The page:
The Ethereum Classic (ETC) blockchain recently suffered the first high-profile hack of 2019. In a cryptocurrency nightmare scenario, a malicious actor successfully performed a 51% attack. As a result, they were able to siphon almost 220,000 ETC tokens from the blockchain – the rough equivalent of over $1 million USD. The attack targeted multiple exchanges and rewrote the blockchain’s ledger at will – reorganizing in a way that allowed the hacker to ‘double spend’ ETC.
The idea of a 51% attack is not new. The process itself was theorized years ago, in relation to the Bitcoin blockchain itself. If a single entity can secure the majority of a blockchain’s hash rate, they can reverse their own transactions. This allows a ‘double spend’, or a coin existing in both the sender and the receivers wallet after the transaction is completed. However, with the staggering size of Bitcoin’s overall mining pool, a 51% attack is unlikely. This is not the case for smaller Proof of Work altcoins like Ethereum Classic.
Ethereum Classic: Genesis and Exodus
Ironically, Ethereum Classic’s original creation hinged upon vulnerability in security. When $168 million USD in Ether went missing from the Ethereum blockchain, the user base sundered. Some wanted to reverse the transaction and return the tokens to their original owner – venture capital firm DAO. Others insisted on preserving the immutability of the chain. The main Ethereum branch chose to reverse the transaction – creating a hard fork of their blockchain to do so. ETC’s splinter group hard forked from the original chain a week later, without the added reversal. They included several small technical changes.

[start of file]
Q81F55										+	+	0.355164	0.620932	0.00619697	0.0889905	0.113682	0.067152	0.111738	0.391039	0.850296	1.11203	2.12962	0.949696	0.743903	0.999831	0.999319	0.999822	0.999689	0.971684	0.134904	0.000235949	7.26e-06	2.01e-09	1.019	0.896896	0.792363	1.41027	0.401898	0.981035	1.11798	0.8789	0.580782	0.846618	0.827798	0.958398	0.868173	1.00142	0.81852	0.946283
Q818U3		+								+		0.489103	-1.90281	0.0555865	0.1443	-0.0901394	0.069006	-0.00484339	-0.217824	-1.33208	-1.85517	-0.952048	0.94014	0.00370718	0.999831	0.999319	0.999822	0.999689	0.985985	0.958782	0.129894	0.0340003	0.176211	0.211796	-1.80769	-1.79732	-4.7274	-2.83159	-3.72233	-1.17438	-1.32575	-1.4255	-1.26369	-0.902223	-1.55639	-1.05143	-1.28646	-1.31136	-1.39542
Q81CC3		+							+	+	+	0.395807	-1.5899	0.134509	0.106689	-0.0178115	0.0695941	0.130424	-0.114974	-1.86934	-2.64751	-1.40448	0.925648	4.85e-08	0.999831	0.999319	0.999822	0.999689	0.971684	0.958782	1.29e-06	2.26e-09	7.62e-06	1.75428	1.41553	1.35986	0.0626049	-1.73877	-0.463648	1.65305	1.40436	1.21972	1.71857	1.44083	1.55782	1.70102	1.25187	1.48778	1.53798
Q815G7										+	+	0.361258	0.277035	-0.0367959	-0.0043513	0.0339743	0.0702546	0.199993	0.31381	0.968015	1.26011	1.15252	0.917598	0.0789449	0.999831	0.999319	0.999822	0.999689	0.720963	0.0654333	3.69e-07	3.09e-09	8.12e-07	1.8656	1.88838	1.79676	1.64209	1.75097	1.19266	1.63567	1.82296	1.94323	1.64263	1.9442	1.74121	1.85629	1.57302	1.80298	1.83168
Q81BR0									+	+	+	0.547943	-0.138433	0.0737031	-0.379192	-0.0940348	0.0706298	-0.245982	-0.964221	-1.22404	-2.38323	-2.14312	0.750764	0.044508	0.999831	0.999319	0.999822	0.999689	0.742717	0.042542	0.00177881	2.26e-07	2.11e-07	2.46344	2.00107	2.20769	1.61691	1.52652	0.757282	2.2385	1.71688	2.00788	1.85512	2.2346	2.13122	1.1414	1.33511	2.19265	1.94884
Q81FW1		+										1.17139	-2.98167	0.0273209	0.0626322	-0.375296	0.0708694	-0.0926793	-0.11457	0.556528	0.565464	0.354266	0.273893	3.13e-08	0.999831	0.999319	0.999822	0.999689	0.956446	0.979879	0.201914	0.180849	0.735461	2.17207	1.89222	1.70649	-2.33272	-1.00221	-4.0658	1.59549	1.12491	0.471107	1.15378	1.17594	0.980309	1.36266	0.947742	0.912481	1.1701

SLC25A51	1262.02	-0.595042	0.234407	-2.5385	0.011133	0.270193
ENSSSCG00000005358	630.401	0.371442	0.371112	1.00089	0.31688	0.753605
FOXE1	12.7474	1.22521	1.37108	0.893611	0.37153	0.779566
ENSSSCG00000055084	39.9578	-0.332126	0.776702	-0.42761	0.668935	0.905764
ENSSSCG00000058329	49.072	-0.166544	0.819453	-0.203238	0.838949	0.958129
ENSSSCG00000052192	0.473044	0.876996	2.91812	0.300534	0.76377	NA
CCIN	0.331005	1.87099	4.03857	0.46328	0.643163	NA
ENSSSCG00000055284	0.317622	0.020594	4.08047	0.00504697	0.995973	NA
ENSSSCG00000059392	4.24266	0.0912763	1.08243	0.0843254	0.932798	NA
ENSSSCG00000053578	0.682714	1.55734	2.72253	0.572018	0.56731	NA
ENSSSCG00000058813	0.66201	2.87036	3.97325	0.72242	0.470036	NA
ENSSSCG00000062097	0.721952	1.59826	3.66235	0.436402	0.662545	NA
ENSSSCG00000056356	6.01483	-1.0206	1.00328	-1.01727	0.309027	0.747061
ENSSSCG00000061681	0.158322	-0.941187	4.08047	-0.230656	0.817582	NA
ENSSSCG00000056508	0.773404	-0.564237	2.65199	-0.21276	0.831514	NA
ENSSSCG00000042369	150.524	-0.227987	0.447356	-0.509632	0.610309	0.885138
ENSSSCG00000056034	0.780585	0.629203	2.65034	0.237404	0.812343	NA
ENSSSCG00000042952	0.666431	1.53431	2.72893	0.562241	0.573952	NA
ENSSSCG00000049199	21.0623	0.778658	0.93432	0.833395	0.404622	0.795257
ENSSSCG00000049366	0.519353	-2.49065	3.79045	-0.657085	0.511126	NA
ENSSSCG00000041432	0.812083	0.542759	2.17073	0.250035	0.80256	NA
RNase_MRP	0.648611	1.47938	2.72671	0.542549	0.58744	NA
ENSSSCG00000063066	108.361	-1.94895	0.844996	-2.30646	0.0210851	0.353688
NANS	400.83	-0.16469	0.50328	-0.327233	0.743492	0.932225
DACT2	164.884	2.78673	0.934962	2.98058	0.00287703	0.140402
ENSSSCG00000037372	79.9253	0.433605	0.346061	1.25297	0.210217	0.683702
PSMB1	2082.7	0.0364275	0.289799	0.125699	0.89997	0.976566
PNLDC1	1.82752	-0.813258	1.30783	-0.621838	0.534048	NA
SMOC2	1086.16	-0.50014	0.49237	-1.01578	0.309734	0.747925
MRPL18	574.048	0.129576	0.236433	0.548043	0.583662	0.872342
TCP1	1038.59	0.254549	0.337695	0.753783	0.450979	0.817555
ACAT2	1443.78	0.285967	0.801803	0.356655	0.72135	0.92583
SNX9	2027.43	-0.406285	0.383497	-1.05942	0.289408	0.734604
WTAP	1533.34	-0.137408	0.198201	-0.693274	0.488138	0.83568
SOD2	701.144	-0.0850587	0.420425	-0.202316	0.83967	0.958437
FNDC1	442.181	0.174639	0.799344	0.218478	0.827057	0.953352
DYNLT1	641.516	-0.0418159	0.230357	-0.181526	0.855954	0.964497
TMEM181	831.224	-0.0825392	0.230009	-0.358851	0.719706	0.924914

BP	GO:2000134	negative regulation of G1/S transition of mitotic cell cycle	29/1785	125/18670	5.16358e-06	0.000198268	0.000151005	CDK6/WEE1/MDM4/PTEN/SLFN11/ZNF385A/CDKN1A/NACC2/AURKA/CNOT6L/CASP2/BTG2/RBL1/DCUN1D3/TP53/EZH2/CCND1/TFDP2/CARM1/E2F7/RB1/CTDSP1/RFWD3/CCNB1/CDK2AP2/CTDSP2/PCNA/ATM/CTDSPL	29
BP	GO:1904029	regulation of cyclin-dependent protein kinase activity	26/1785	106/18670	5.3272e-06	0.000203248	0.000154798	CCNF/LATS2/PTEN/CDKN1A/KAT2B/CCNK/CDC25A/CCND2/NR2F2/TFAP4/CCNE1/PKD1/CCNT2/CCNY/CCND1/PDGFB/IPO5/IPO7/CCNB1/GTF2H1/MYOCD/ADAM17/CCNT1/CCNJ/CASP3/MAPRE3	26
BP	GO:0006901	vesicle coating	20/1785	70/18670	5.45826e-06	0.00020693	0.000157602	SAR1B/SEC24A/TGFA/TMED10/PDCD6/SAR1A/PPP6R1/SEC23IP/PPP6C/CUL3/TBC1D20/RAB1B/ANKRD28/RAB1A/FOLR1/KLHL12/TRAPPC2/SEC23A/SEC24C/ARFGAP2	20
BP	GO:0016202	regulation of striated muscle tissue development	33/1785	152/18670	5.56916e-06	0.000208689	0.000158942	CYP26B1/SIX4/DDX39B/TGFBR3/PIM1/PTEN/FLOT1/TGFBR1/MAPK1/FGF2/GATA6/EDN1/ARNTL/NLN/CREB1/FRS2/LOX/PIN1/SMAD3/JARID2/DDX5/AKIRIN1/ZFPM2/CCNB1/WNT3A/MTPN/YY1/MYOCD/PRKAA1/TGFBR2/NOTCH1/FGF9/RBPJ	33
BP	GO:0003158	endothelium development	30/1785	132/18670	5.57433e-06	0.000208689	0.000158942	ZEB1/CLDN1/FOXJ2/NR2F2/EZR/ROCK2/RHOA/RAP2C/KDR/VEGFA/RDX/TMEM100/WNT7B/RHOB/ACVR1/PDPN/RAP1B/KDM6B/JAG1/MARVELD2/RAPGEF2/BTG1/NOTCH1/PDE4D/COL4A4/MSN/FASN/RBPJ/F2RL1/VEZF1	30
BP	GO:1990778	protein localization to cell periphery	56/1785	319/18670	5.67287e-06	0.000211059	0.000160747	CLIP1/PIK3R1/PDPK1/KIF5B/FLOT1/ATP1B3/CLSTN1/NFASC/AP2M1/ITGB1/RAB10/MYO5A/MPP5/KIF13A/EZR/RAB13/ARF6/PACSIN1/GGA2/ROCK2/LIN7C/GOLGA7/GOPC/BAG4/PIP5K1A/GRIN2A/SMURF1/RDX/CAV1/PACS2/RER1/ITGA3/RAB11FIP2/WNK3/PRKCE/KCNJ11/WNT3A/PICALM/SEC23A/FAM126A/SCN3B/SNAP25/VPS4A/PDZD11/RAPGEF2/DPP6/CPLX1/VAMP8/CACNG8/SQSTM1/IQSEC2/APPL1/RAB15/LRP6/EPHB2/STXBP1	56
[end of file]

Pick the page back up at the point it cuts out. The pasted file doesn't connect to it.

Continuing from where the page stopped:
Ethereum Classic enjoyed some success, including a much coveted position on Coinbase. However, the long bear market of 2018 ultimately took its toll. In early December, ETC’s main developer team abandoned the project due to lack of funds. Without dedicated developers to quickly respond to issues, the chain became ripe for an attack.
Coinbase Halts Trading
In another major blow to Ethereum Classic, Coinbase quickly halted trading in the token after they identified the attack. While no double spend transactions occurred within the Coinbase ecosystem, the exchange still felt it prudent to pause ETC until the situation could be resolved.
In Ethereum Classic’s favor, the price of ETC tokens moved very little in response to the attack. Losing only a total of 10% between their recent high and current value, Ethereum Classic weather the storm better than could be expected. However, given the success of the attack and the loss of their main development team, Ethereum Classic’s future is far from certain.
Article By: Adam Stone